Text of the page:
The 9th Circuit noted that Attorney General Jeff Sessions had interpreted Trump’s order narrowly to apply only to federal grants administered by the Justice Department and the Department of Homeland Security. But the court said Sessions’ May 2017 memo is not a reasonable interpretation of the executive order to withhold all federal grants.

Ruling in a different lawsuit, U.S. District Judge William Orrick of San Francisco on Oct. 5 struck down a requirement for immigration cooperation imposed on jurisdictions that receive the Edward Byrne public safety grants from the Justice Department.

Orrick said the Justice Department was continuing to withhold funding for these grants to six states and several local jurisdictions, including California and San Francisco. Law.com and Reuters had coverage.

Orrick said he was ruling “in agreement with every court that has looked at these issues.” The combined cases are City and County of San Francisco v. Sessions and California v. Sessions.

A week after Orrick’s ruling, the city of Chicago alleged in a new lawsuit that Sessions has not released millions of dollars in Edward Byrne Memorial Assistance Grants for fiscal year 2018 because of its sanctuary cities policy. Courthouse News Service covered the complaint.

The suit filed in federal court in Chicago says the court already enjoined restrictions on the same public safety grants for last year.

“But now, despite the court’s clear ruling that the conditions are unlawful, and its clear warning that reissuing them could result in an award of attorney’s fees against the federal government, the attorney general has imposed them again on the coming year’s grants,” the suit says.

The case concerning last year’s grants reached the Chicago-based 7th U.S. Circuit Court of Appeals, which affirmed an injunction but restricted it to Chicago.

Chicago’s new suit asks the court to ban Sessions from withholding the grant funds for fiscal 2018 and all future grant years “to prevent an endless cycle of litigation.” The case is Chicago v. Sessions.


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Justice Ginsburg says Congress is the ‘obvious culprit’ in polarized judicial confirmation battles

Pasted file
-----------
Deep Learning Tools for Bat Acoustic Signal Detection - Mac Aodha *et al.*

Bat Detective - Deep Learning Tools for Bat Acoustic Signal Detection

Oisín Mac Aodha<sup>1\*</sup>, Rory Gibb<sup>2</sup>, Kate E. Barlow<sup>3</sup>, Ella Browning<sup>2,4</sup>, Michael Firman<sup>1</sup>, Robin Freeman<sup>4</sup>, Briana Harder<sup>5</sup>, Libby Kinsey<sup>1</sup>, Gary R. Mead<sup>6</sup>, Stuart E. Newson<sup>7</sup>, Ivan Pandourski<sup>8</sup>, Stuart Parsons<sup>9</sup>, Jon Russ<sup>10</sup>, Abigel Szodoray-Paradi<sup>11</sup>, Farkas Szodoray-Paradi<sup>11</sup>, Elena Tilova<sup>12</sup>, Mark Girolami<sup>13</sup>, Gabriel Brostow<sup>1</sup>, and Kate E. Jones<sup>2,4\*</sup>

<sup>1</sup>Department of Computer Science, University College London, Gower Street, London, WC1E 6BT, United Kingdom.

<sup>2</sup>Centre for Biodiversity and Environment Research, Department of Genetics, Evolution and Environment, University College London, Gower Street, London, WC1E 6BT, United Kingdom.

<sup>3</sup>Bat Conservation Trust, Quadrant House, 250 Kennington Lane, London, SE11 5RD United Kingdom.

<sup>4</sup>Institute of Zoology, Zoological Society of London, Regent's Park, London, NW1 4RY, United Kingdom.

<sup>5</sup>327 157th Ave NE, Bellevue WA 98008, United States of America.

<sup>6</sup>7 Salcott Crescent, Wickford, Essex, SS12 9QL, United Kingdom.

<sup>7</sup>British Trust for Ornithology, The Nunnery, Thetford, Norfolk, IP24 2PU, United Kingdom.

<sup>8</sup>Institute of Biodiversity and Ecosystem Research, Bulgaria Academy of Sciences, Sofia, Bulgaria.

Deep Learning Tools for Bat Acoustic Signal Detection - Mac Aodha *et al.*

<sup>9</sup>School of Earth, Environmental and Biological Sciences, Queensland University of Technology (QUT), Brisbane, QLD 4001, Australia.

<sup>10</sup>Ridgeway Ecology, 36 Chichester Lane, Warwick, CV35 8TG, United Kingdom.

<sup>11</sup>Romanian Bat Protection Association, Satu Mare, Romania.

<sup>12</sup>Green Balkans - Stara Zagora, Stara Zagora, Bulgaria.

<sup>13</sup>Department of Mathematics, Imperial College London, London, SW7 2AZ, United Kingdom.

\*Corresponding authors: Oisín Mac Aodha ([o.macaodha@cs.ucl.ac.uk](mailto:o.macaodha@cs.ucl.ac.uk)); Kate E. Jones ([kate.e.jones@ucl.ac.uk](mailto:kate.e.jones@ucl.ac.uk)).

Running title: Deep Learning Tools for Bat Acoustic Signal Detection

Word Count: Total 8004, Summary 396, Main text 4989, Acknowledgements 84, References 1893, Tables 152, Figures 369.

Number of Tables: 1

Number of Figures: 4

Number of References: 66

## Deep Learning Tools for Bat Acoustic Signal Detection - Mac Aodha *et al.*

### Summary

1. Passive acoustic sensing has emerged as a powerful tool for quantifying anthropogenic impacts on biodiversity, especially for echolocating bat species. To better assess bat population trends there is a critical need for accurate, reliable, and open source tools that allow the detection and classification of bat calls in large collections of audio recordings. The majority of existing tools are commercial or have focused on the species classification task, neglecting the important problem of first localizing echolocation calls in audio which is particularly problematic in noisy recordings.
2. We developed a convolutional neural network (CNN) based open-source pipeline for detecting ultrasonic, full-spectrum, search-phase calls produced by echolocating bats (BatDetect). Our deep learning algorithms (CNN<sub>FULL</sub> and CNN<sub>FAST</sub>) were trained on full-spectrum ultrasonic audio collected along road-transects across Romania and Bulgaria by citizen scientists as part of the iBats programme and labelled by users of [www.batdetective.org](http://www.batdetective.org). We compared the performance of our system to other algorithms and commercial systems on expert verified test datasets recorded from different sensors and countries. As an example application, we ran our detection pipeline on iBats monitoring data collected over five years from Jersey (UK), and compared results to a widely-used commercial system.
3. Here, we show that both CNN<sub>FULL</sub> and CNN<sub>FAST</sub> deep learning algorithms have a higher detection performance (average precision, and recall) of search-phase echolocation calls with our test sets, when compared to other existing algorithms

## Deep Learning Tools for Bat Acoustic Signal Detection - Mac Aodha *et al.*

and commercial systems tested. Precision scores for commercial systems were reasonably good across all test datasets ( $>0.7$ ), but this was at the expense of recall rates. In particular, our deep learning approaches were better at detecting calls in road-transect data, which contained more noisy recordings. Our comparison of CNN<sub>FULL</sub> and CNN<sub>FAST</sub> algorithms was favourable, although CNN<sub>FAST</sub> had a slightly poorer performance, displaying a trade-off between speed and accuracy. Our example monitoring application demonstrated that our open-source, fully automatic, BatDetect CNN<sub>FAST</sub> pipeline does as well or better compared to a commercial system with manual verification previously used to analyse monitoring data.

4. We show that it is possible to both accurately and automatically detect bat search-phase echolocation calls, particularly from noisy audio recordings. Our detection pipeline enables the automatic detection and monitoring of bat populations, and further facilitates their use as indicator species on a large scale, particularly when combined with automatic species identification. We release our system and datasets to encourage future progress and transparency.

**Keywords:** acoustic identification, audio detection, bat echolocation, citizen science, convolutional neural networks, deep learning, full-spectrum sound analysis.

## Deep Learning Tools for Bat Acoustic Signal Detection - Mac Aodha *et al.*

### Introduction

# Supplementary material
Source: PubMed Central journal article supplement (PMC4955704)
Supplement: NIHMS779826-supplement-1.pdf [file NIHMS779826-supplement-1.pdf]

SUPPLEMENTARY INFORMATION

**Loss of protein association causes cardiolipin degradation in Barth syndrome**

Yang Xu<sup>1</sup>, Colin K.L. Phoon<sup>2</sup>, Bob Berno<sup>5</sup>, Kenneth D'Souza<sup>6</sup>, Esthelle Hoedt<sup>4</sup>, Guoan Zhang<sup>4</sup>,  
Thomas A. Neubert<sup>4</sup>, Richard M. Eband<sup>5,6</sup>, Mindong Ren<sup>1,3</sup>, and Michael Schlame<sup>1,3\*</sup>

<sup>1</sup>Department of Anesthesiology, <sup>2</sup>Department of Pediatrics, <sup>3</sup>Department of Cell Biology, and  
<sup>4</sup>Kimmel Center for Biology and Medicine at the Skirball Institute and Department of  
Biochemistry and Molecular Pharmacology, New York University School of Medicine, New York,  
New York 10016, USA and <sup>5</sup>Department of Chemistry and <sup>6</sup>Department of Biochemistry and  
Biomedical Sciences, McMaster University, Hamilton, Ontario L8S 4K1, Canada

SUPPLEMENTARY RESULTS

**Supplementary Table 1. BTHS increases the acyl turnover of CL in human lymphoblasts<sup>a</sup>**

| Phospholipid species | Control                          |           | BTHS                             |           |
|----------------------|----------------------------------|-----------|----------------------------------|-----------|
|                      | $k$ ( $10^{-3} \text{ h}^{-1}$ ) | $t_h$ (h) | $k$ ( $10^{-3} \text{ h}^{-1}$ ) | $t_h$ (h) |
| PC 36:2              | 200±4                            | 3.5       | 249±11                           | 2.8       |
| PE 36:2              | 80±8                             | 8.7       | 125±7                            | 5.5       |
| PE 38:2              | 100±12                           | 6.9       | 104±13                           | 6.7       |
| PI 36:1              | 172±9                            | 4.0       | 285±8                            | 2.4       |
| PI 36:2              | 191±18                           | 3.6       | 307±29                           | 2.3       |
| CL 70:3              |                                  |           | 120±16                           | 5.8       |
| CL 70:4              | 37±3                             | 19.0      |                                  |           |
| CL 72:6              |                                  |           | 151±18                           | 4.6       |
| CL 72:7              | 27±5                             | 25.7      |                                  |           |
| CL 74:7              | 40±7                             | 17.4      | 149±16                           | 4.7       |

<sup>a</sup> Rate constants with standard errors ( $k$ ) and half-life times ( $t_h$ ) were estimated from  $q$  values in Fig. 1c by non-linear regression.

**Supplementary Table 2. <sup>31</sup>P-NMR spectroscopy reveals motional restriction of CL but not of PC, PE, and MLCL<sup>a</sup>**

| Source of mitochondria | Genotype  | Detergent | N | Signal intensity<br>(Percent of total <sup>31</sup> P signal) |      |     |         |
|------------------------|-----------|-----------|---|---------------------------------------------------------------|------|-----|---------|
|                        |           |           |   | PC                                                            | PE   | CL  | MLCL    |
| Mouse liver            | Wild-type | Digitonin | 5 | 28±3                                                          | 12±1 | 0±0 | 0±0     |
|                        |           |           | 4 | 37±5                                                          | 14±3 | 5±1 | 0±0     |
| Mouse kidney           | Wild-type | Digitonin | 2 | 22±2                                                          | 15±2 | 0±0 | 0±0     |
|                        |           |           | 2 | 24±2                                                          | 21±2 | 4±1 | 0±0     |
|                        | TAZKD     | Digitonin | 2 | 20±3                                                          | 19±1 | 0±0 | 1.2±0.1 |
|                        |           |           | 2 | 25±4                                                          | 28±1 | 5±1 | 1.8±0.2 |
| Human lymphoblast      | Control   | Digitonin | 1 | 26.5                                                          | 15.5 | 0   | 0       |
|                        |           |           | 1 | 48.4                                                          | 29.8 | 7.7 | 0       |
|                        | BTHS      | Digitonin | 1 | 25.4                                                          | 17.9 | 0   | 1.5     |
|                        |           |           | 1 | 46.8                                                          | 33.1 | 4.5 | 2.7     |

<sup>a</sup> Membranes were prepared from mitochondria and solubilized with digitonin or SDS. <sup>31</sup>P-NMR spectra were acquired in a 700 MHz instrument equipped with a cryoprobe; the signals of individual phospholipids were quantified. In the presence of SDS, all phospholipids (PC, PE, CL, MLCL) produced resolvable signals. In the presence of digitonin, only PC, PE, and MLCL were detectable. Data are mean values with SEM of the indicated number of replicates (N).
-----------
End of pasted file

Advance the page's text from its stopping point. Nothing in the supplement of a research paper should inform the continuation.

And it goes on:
Judiciary

Justice Ruth Bader Ginsburg

Justice Ruth Bader Ginsburg.

Justice Ruth Bader Ginsburg said at an appearance on Wednesday that Congress is to blame for divisive judicial confirmation battles.

Speaking in a question-and-answer session at the federal courthouse in Washington, D.C., Ginsburg noted that the late Justice Antonin Scalia was confirmed unanimously, the Washington Post reports.

“What a difference in time that was from what we are witnessing today,” she said.

Referring to the polarization, Ginsburg said that, “to me, the obvious culprit is Congress.”

Ginsburg gave a tribute to retired Justice Sandra Day O’Connor, who announced on Tuesday that she has probable early-stage Alzheimer’s disease.

O’Connor put “country above party and self-interest” and “worked collaboratively to solve problems,” Ginsburg said.

Ginsburg said that collegiality “means understanding the institution you work for is more important than the egos of the individuals.”

Hat tip to How Appealing.


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Fastcase acquires legal news company Law Street Media

Business of Law

Fastcase

Legal research company Fastcase has purchased Law Street Media, a legal news site, marking an entrance into the media market.

Announced on Tuesday on the Fastcase website, Law Street will be retooled and relaunched in the second quarter of 2019 to highlight national and state legal news complemented by analytics powered by Fastcase’s legal information products.

“Legal research isn’t just about logging into an online service and running searches,” said Fastcase CEO Ed Walters in a statement. “Lawyers have to stay as informed as their clients, and our partnership with Law Street Media will be an important source of must-have information about the fast-changing practice of law.”

Walters declined to share the cost of the acquisition. However, he did say that beyond the URL, the acquisition includes a built-in readership—which he said is in the range of hundreds of thousands of page views a year—the company’s search engine optimization and its reach across various social platforms. He says that this was better than starting from scratch.

“Now we don’t have to start at square one,” he tells the ABA Journal. “We can start at square eight.”

Focusing on millennial lawyers and law students, Law Street Media was founded in 2013 by John Jenkins. Jenkins was previously the president and publisher of CQ Press, which focuses on government and politics.

The current incarnation of Law Street has the tagline “Law & Policy for Our Generation” and a navigation bar with the following categories: news, crime, issues, blogs, schools, cannabis and videos. While the media site has made handful of posts in the last week, the most recently posted article prior to that was from August 2017. There are about 5,000 posts on the site.

Walters says that his goal with the company is to expand it beyond a millennial base.

This marks the second acquisition this year by Fastcase, founded in 1999. This spring the company purchased Docket Alarm, a legal research and litigation prediction tool.

“Lawyers already get their news from Fastcase’s research alerts, and Docket Alarm is itself named after its alerting service,” Walters said in his press statement. “We can’t wait to explore the legal news potential from telling these stories in Law Street Media.”